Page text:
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One Flag One People – Germanic Unity

Dannebrog holds the world record of being the oldest continuously used national flag.

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Germanic Unity

The only cure for WHITE GENOCIDE

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Danes

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Danes (Danish: danskere) are a North Germanic ethnic group native to Denmark and a modern nation identified with the country of Denmark. This connection may be ancestral, legal, historical, or cultural.

Danes generally regard themselves as a nationality and reserve the word “ethnic” for the description of recent immigrants,sometimes referred to as “new Danes”.

The contemporary Danish ethnic identity is based on the idea of “Danishness”, which is founded on principles formed through historical cultural connections and is based on racial heritage.

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Early history
Denmark has been inhabited by various Germanic peoples since ancient times, including the Angles, Cimbri, Jutes, Herules, Teutones and others. The first mentions of “Danes” are recorded in the mid-6th century by historians Procopius (Greek: δάνοι) and Jordanes (danī), who both refer to a tribe related to the Suetidi inhabiting the peninsula of Jutland, the province of Scania and the isles in between. Frankish annalists of the 8th century often refer to Danish kings. The Bobbio Orosius from the early 7th century distinguishes between South Danes inhabiting Jutland and North Danes inhabiting the isles and the province of Scania.

Viking Age
The first mention of Danes within the Denmark is on the Jelling Rune Stone, which mentions the conversion of the Danes to Christianity Harald Bluetooth in the 10th century. Between c. 960 and the early 980s, Bluetooth established a kingdom in the lands of the Danes, stretching from Jutland to Scania. Around the same time, he received a visit from a German missionary who, by surviving an ordeal by fire according to legend, convinced Harold to convert to Christianity.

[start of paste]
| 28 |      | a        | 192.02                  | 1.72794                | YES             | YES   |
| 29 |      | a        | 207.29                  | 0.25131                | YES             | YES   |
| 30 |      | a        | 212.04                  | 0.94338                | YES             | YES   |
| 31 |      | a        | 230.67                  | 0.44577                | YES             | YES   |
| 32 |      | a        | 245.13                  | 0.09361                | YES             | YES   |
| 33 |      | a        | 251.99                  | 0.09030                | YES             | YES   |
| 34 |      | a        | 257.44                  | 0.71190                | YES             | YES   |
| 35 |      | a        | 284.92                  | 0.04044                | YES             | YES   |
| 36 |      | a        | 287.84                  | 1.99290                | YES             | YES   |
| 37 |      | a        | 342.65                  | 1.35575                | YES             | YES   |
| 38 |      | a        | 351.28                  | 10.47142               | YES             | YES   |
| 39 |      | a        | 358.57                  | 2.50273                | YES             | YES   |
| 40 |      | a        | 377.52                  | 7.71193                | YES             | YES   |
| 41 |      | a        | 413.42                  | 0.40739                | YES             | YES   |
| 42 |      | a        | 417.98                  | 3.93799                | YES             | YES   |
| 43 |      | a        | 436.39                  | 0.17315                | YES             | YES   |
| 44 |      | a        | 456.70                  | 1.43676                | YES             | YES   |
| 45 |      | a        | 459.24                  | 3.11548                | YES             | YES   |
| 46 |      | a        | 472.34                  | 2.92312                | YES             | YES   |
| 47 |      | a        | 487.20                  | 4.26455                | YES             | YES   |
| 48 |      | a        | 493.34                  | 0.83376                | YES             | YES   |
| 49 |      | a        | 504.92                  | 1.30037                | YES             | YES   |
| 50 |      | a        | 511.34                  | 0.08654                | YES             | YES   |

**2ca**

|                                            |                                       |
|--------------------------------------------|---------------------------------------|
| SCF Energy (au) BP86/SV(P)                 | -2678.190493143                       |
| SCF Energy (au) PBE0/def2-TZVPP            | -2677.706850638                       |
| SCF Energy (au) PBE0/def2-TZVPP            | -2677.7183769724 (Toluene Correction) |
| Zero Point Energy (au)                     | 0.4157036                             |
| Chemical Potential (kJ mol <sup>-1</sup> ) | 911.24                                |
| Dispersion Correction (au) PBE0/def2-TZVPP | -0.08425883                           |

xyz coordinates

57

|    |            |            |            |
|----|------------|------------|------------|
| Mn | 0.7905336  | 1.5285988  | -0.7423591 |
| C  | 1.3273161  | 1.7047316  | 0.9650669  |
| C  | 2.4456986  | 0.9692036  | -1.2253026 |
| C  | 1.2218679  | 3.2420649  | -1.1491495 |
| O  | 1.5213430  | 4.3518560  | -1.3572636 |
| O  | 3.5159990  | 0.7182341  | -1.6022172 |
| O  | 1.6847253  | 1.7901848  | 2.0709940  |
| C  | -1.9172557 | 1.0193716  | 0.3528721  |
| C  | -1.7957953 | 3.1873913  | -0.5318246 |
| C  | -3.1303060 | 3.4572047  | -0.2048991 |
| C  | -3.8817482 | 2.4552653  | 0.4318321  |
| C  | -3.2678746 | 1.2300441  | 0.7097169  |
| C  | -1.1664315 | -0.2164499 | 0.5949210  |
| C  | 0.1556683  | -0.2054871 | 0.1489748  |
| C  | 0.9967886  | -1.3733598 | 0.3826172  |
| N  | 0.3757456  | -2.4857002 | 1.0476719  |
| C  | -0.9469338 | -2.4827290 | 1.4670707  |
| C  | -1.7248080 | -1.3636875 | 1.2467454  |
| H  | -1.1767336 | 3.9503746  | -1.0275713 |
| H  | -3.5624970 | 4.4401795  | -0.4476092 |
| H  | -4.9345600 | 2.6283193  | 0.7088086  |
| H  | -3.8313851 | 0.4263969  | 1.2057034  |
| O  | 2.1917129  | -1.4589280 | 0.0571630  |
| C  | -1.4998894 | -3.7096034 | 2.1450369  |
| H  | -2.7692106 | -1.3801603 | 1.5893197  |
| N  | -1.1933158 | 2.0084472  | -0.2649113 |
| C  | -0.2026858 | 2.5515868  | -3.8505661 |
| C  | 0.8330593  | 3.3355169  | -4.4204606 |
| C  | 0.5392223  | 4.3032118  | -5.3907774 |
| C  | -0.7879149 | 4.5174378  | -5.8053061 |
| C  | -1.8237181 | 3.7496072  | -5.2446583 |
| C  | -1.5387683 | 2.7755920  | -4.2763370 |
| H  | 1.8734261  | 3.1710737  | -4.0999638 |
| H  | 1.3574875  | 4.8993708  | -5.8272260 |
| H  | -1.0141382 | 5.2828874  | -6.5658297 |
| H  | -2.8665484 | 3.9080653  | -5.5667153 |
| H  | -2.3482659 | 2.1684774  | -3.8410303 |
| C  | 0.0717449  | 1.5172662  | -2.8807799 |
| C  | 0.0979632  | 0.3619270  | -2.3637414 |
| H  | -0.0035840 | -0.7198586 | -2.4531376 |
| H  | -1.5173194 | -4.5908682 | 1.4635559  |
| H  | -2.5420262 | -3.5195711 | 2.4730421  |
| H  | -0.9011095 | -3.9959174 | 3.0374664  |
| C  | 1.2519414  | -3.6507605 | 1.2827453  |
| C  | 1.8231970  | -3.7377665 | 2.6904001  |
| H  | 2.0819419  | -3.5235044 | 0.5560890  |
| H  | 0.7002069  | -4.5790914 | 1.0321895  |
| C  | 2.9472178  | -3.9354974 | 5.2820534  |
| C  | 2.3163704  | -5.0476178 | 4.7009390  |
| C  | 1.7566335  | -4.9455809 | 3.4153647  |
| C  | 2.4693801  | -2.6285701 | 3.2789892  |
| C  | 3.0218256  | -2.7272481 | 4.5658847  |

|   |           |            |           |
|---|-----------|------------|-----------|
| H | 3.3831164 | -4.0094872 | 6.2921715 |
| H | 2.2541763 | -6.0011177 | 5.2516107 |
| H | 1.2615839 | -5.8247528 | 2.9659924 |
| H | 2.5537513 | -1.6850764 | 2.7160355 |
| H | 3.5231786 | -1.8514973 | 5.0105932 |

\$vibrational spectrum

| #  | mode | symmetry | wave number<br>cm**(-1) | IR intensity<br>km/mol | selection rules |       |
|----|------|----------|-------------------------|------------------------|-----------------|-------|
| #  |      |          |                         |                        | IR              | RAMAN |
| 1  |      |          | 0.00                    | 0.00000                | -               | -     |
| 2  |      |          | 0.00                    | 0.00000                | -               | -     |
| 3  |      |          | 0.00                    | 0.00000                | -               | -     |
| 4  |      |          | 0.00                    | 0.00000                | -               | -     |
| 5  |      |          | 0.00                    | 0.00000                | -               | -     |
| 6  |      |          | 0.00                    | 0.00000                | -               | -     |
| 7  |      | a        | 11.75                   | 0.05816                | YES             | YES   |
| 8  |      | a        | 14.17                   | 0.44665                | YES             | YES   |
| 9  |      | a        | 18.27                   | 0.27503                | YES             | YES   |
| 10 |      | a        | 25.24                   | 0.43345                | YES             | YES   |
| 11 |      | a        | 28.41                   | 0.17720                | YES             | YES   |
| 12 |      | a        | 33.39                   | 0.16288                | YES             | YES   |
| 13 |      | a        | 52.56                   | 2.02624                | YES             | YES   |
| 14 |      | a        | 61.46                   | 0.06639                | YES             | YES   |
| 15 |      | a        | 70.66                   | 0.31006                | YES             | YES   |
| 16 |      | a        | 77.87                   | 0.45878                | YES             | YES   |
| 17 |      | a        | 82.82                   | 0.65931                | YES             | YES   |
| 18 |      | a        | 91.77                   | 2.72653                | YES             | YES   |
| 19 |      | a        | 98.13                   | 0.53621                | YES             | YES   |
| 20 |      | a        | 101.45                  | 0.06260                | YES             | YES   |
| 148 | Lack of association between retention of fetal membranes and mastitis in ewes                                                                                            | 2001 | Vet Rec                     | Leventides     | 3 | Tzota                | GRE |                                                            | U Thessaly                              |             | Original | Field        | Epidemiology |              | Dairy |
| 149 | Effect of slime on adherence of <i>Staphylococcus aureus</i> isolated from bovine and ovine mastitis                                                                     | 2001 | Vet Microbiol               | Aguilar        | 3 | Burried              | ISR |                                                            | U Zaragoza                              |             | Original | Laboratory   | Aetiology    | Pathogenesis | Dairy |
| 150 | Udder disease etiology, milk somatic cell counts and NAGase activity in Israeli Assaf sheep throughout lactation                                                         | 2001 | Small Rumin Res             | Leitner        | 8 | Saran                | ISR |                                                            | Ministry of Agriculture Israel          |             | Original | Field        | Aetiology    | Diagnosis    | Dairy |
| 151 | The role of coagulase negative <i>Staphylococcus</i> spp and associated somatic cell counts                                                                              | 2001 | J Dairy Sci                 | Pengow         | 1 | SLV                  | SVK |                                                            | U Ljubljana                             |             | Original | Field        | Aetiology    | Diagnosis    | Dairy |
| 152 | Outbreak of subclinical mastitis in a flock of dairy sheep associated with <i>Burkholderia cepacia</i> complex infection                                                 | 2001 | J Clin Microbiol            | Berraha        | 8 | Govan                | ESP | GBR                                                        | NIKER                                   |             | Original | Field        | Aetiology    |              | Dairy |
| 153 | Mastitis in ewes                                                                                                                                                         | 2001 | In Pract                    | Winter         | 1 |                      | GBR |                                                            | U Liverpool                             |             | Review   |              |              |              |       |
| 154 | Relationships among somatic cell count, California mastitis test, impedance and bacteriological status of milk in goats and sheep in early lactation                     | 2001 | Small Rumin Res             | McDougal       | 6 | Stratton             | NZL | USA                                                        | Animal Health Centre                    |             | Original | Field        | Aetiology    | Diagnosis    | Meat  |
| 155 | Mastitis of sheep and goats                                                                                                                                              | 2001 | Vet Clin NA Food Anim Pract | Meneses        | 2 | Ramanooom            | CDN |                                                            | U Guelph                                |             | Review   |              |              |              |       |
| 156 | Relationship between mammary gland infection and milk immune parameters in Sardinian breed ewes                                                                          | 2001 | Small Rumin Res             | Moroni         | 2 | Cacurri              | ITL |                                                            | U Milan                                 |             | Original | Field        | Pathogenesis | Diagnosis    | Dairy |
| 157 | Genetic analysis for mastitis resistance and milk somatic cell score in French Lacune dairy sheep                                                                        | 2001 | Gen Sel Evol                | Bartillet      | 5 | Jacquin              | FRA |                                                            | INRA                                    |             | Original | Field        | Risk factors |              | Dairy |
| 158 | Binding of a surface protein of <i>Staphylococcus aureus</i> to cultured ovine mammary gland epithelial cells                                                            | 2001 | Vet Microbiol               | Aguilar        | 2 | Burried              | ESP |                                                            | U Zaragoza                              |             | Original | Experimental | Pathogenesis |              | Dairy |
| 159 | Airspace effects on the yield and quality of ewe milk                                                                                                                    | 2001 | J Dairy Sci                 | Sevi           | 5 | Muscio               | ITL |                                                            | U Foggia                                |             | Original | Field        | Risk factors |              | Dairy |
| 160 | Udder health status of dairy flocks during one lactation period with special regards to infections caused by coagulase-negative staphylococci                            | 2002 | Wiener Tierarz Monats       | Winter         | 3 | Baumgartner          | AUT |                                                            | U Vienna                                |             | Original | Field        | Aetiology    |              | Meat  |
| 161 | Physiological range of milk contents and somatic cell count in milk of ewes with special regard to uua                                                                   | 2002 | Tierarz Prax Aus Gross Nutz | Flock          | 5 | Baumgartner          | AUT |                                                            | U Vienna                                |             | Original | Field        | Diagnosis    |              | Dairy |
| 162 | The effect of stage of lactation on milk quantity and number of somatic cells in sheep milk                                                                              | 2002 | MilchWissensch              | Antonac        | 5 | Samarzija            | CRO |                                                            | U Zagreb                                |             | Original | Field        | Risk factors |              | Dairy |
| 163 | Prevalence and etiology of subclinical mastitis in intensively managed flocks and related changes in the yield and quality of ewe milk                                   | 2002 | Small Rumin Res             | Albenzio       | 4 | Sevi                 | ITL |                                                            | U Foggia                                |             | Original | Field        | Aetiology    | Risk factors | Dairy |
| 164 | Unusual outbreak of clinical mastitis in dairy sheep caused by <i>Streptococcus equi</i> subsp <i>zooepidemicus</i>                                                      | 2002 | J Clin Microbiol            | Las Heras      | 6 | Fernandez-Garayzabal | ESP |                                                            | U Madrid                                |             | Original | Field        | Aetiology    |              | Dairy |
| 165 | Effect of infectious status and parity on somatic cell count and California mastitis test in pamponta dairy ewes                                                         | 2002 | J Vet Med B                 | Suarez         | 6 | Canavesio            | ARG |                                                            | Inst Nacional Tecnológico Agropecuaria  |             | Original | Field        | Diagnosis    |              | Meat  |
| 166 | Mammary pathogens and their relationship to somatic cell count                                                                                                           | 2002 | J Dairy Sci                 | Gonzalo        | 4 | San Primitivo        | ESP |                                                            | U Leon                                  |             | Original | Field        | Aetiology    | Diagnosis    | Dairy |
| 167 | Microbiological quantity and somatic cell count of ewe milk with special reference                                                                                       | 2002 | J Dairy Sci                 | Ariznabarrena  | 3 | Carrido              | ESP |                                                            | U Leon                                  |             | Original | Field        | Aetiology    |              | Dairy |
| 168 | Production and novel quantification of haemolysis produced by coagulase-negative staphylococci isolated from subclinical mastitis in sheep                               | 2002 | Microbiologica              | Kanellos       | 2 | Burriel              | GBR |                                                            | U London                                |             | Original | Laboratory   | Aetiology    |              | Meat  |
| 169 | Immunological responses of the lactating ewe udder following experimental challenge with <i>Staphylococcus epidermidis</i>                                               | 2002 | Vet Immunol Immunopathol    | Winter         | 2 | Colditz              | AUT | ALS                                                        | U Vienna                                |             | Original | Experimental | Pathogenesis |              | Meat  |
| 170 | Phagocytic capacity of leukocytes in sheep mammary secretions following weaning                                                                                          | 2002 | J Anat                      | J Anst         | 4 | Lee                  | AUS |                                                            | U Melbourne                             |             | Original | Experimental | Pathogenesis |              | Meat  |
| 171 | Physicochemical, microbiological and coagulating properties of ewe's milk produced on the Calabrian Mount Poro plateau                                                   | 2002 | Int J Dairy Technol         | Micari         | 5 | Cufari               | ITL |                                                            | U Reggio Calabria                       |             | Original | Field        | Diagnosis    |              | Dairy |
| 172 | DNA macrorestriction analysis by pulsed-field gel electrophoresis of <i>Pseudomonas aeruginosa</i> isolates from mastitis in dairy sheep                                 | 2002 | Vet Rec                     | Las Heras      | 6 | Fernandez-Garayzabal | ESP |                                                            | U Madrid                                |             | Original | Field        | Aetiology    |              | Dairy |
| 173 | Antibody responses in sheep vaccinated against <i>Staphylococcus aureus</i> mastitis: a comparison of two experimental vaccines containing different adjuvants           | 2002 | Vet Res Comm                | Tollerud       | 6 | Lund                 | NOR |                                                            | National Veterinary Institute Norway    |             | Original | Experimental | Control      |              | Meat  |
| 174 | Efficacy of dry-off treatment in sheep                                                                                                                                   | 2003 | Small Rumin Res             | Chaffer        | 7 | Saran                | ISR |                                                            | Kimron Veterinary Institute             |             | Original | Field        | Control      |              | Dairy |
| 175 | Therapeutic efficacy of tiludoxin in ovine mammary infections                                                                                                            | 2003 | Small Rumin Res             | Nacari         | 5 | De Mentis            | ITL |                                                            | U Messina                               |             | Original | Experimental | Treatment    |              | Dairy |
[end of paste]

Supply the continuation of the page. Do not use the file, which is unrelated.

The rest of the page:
The following years saw the Danish Viking expansion, which incorporated Norway and Northern England into the Danish North Sea Empire. After the death of Canute the Great in 1035, England broke away from Danish control. Canute’s nephew Sweyn Estridson (1020–74) re-established strong royal Danish authority and built a good relationship with the archbishop of Bremen, at that time the archbishop of all Scandinavia. Over the next centuries, the Danish empire expanded throughout the southern Baltic coast. Under the 14th century king Olaf II, Denmark acquired control of the Kingdom of Norway, which included the territories of Norway, Iceland and the Faroese Islands. Olaf’s mother united Norway, Sweden and Denmark into the Kalmar Union.

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Denmark-Norway
In 1523, Sweden won its independence, leading to the dismantling of the Kalmar Union and the establishment of Denmark-Norway. Denmark-Norway grew wealthy during the 16th century, largely because of the increased traffic through the Øresund. The Crown of Denmark could tax the traffic, because it controlled both sides of the Sound at the time.